Interestingly and quite arrogantly, Roth is harnessing a shtick of white privilege as he claims the authenticity of the…erm…suburbs. You know, because suburban kids can’t relate to hip-hop in its contemporary form. Why? Well, that’s a little unclear. Roth’s basic claim is that white kids in the suburbs have been consuming hip-hop for years, but have never had some one they can relate to, some one to represent them and their voices. You know, because white folks can’t relate to black folks. And, of course, because only white folks live in the suburbs. Comparing Eminem to Roth, the blog No Trivia wrote it better than I could have: “But Eminem’s use of his whiteness came from a desire to prove himself in spite of the unfortunate reputation of white rappers that came before him, not some strange sense of privilege because he’s the person actually buying rap CDs.”
In the most blatant example of white supremacy in hip-hop, Roth is absolutely obsessed with his whiteness. He doesn’t problematize his whiteness, like when Em forced us to re-think what it means to be white in his deeply personal discussions of growing up poor. No, instead Roth wants us to realize that we should like him because, well, he’s white and privileged just like us! His most recent song leak (which you can download here) details the trials and tribulations of being the next great white rapper and the subsequent comparisons to Eminem. Simultaneously, Roth reminds us that while he is no Eminem (he is from privilege and proud of it), he is unabashedly white (and therefore more relatable than those black rappers we thought we liked). Quoted in a recent New York Times piece, Roth explains the difference: “Culturally, Em was almost a black guy. My background is more stereotypically white.” That’s just great, Asher. How astute. It’s one thing to be aware of your racial identity; it’s an entirely different thing to embrace a privileged identity as your claim to superiority in a culture dominated by minority artists.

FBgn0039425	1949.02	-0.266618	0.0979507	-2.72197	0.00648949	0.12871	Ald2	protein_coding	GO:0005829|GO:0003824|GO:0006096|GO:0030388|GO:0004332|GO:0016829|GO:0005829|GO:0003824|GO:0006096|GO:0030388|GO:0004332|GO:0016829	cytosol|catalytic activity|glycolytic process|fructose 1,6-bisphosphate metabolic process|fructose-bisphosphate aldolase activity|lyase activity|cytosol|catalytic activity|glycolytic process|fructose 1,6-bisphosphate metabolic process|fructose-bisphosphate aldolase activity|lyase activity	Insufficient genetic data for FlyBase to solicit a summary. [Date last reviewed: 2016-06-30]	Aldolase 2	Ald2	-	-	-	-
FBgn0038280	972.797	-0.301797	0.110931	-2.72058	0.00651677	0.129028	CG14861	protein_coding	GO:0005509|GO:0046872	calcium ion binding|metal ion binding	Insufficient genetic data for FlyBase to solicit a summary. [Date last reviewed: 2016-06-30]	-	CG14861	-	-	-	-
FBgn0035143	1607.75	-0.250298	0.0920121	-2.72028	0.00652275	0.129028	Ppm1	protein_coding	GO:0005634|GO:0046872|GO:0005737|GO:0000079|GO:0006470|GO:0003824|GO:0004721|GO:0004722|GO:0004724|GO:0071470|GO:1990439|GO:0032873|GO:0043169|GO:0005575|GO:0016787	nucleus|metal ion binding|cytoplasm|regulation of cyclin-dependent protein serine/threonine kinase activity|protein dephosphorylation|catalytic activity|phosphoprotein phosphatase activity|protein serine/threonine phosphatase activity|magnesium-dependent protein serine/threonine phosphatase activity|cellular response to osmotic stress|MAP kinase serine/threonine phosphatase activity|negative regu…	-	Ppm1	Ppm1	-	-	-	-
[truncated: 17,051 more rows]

In an article from 2005, Brother Ali poignantly discussed white fans’ relationship to underground white rappers. “One of the hardest things we’re dealing with now is the underlying feeling of white supremacy among fans who feel they are a part of hip-hop, but are listening to and prefer mostly white MCs,” says Brother Ali. “They believe that Aesop Rock is better than independent artists who are Black and mainstream artists like Ludacris. These MCs are doing a lot with hip-hop artistically that they have learned from Black people, but [their fans] don’t want to hear from the old-school originators because they believe it’s the white MCs who created the styles they like. This isn’t an underground-versus-mainstream thing—it’s a racist thing.” My emphasis.